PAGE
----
Florida Springs Glossary
Click on the letter below to link to the glossary* term.
That which can be attributed to man or human behavior.
A layer of underground rock or sand that stores and transports water. It is the primary source of our drinking water and water flowing from springs.
Non-regulatory methods designed to minimize harm to the environment.
Water turbulance at the top surface of water body indicating the force of a high discharge from a spring vent below.
An amorphous (no defined crystal structure) form of silicon dioxide (SiO2). Utilized by native Americans to make tools and spear points.
Moisture produced when warm water vapor mixes with cool air in the atmosphere to produce clouds or fog.
The negative impact on habitat and ecosystem size or quality resulting from human disturbances or land use changes commonly associated with urban or agricultural development.
Sedimentary rock comprised of the mineral dolomite (Calcium-Magnesium Carbonate)
An efficient and targeted form of irrigation in which water is delivered in drops directly to the plants roots at specific rates.
A system formed by the interaction of a community of organisms with their physical environment.
An animal or a plant limited in its distribution to only one or a few places.
A division of geologic time less than a period and greater than an age.
The process by which water transforms from a liquid form to a vapor, often through thermal heating by the sun.
Broad, carbonate platform that includes the currently above-water portion of Florida and extends below sea-level to about the 300 foot depth.
The amount of water flowing from a specific body of water such as a stream or a spring, usually measured in cubic feet per second, or millions of gallons per day.
Water stored and transported underground in an aquifer.
The process by which isolated patches of habitat are created through land clearing and deforestation.
A hardwood plant community in Florida.
Species of plants or animals that out-compete others at the detriment of native species and the specific habitat with other ecological and possibly physiological impacts.
The process of applying water to a specific area for agriculture or landscaping.
An area of irregular limestone in which erosion has produced fissures, sinkholes, underground streams, and caverns.
The process by which acidic water slowly dissolves limestone forming a karst terrain.
The process of purchasing land for conservation to restrict it from development.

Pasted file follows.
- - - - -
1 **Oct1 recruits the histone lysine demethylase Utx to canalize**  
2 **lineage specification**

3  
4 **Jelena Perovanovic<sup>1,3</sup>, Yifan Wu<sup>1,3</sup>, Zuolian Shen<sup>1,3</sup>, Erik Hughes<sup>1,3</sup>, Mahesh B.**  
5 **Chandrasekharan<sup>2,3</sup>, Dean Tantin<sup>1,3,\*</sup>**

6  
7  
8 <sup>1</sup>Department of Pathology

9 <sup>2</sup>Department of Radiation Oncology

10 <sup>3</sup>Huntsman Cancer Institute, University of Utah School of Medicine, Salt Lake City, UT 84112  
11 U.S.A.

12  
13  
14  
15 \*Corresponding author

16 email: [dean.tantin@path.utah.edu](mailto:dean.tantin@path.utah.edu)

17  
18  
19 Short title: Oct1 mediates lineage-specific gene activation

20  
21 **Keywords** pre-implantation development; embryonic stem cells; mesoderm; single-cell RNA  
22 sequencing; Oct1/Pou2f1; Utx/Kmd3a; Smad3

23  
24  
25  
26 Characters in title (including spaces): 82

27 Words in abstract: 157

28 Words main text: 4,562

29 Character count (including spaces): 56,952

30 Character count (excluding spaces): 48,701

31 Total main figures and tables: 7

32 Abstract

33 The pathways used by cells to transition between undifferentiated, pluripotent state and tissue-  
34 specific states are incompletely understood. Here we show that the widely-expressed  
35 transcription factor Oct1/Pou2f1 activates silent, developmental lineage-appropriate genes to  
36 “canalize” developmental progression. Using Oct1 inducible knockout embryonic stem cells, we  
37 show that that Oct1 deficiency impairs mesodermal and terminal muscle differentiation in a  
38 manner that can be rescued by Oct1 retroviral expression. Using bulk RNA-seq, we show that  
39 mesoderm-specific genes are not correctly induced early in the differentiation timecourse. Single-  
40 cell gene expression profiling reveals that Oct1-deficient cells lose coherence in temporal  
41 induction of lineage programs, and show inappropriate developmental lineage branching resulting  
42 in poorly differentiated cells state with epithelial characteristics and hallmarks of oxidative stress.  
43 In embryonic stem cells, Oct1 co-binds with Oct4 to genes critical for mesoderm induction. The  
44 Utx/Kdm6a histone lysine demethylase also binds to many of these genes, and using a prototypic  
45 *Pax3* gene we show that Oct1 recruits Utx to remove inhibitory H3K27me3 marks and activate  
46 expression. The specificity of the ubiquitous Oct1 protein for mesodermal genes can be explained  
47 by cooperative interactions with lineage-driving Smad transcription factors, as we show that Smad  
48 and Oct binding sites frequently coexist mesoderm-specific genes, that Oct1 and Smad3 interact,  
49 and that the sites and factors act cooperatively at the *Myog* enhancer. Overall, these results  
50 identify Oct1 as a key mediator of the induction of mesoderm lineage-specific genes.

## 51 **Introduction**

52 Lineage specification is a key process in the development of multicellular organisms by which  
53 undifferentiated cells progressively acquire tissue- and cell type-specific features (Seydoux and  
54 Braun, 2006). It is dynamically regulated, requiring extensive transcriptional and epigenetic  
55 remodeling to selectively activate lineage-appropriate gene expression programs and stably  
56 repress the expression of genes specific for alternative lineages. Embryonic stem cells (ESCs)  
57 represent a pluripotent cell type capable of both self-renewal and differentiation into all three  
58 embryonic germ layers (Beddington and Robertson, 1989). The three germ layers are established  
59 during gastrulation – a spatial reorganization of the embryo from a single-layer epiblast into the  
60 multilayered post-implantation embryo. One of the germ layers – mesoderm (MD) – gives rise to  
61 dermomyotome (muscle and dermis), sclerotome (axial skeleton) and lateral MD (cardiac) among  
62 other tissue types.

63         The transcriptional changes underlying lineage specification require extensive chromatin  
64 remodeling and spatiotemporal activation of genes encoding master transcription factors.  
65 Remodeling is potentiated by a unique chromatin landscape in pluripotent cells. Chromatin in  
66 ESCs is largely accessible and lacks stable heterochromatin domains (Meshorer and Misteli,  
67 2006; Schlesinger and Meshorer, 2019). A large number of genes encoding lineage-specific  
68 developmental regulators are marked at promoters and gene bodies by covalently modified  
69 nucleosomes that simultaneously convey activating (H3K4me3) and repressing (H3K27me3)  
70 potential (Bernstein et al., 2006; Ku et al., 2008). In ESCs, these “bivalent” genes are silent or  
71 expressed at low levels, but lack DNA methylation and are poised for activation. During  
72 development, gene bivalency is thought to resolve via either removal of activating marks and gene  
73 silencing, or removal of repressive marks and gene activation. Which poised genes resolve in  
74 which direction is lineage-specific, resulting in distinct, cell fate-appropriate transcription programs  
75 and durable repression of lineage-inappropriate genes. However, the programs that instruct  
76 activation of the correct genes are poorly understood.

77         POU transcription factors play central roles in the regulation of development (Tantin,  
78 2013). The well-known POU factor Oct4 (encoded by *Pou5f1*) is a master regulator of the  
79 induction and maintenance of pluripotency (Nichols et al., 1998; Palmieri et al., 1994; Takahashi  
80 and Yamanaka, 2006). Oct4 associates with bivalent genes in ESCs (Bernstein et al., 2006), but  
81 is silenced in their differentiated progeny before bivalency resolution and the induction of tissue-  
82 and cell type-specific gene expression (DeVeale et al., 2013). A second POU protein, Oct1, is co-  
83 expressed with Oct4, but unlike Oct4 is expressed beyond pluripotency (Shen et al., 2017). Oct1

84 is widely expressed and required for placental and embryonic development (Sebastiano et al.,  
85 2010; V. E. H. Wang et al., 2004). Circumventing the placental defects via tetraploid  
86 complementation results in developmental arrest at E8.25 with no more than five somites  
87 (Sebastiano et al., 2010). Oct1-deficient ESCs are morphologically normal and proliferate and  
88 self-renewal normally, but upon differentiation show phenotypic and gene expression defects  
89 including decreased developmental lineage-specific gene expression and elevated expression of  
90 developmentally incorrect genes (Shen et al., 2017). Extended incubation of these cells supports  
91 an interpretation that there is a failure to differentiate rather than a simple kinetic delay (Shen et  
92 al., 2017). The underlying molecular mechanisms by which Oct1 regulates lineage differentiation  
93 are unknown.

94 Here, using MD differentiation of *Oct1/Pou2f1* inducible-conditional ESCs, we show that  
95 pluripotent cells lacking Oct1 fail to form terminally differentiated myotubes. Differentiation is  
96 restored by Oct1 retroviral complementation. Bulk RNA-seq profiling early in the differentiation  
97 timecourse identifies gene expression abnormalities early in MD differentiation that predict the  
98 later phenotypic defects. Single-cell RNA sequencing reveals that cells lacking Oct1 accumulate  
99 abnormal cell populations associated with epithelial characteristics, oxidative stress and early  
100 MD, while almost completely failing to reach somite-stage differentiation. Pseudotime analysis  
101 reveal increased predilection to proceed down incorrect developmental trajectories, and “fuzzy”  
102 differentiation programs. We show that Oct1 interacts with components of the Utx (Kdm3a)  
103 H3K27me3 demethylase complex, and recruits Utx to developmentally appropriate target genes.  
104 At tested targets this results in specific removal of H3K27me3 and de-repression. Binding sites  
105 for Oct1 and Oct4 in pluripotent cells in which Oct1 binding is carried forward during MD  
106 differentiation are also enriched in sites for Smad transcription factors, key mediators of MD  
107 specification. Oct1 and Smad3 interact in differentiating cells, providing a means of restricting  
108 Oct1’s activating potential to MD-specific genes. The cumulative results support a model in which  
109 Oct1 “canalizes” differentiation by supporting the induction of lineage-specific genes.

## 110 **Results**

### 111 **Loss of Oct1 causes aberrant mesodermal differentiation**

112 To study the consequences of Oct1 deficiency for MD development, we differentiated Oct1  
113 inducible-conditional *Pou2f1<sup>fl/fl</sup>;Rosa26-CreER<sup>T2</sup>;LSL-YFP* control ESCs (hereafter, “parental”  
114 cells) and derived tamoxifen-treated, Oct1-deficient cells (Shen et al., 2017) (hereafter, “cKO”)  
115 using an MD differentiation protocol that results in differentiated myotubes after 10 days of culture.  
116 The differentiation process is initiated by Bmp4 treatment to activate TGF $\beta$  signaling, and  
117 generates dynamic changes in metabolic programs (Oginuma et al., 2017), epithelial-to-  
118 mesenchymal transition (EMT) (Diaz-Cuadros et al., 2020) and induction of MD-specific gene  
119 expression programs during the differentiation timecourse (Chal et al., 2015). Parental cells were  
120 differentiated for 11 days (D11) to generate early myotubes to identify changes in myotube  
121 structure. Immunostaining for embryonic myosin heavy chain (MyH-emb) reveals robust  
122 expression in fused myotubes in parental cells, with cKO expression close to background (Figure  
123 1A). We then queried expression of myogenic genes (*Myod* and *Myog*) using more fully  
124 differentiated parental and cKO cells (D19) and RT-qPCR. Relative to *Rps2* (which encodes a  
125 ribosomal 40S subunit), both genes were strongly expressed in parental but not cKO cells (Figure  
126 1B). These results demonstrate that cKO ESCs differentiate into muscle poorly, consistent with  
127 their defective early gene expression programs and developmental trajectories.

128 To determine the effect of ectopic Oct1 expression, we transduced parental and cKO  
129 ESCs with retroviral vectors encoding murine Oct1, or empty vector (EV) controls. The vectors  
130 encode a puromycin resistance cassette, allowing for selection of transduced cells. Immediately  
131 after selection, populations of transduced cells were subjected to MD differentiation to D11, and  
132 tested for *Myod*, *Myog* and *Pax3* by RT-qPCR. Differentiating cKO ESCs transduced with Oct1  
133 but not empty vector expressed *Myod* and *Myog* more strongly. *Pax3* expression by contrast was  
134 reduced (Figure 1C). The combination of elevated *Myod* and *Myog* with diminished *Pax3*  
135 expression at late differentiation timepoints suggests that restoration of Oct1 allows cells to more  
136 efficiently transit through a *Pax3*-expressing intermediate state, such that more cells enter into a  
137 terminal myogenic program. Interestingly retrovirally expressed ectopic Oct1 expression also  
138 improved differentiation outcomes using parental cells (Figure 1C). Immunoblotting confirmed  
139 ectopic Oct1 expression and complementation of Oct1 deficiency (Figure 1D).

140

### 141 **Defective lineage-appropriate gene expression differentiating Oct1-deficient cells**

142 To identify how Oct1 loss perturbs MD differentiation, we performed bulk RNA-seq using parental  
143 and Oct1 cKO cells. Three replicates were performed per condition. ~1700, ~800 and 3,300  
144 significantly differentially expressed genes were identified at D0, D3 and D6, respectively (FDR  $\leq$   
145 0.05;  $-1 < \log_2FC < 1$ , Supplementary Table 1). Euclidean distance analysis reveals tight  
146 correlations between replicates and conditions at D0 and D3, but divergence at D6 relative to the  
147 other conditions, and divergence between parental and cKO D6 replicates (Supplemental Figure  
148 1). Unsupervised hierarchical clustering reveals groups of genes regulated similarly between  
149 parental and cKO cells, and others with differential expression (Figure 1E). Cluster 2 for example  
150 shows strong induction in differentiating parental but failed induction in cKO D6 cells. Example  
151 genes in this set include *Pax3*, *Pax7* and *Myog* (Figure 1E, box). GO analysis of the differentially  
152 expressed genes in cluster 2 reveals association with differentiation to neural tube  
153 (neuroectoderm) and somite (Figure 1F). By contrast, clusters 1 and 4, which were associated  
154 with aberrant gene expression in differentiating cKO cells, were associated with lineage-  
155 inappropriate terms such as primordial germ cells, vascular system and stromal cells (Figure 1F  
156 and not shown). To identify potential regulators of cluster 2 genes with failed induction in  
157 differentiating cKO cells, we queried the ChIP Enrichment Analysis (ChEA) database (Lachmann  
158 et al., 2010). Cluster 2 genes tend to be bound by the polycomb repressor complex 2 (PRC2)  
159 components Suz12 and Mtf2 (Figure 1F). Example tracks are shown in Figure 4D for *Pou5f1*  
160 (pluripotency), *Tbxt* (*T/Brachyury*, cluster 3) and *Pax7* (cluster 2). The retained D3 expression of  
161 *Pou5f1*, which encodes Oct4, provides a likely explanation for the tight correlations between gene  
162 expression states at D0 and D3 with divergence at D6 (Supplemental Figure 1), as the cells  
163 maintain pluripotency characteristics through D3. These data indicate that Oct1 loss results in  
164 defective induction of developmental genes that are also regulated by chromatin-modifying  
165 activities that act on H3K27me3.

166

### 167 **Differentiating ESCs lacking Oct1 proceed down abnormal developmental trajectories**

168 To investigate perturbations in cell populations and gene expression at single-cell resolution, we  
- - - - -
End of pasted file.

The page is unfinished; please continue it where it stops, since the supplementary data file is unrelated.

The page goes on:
A highly porous rock formed over thousands of years from the compression of shells and the bones of sea animals.
A subdivision of the Eocene Epoch that spans the time from 48.6 until 40.4 million years ago. During this time Florida was completely underwater and the carbonate material that would later become the Avon Park Formation was accumulating across Florida.
Pollution that does not come from a single point or location.
The introduction of excessive amounts of nutrients such as nitrogen or phosphorus from fertilizers into the soil or water.
The process by which water infiltrates the ground by seeping into the spaces between soil particles, sand, and rocks.
An epoch in geological time that spans from 2.6 million until 11,700 years ago. Also known as the Ice Age due to the advance and retreat of continental glaciers
Point source pollution
Contamination that can be traced to a single point or location.
Contamination of the water, soil, or air by chemicals or waste materials.
Water delivered to homes, schools, and businesses by a utility company.
The process of water seeping into the ground and refilling the aquifer.
The area within which water seeps into the ground and recharges the groundwater flowing to a specific spring.
Water collected and treated after human use.
A manmade pond where stormwater is directed and held.
The use of reclaimed water, such as wastewater, for purposes like landscape irrigation.
The movement of water across a surface in a sheet-like mass instead of within channels or streambeds.
A depression in the land surface caused when rainwater dissolves limestone near the ground surface or as a result of the roof collapse of an underground cave.
The process of cave formation, most often through the dissolution of underground bedrock by rainwater or naturally-occurring acids.
A specific type of river fed exclusively by the outflow of water from a spring.
The total land area that contributes rainfall and runoff to a spring or series of connected springs.
Rainwater that runs off of land and surfaces like roads and parking lots into a larger body of water.
Water located on the surface of the earth in water bodies such as lakes, rivers, streams, ponds, wetlands and the ocean.
A hole in the land through which a stream delivers surface water to the aquifer (considered the opposite of a spring).
The process by which plants give off moisture to the air through the surface of their leaves.
Refers to animals that are adapted to living in caves.
The degree of cloudiness of a water body caused by suspended solids.
An opening that concentrates ground-water discharge at the Earth's surface, including the bottom of the ocean. Flow from the opening is mostly turbulent.
Water that has been used by humans and is no longer clean.
A hydrological formula used by scientists and land managers to determine water surpluses and deficits in a given area.
The continuous cycling of water between the earth and the sky.
The total amount of water available for human and other uses.
The total land area that contributes runoff to a body of water.
Landscaping techniques designed to use water efficiently.
*"Florida Waters: A Water Resources Manual from Florida's Water Management Districts"served as the major source for this glossary. For more information about this manual, contact your local water management district in Florida.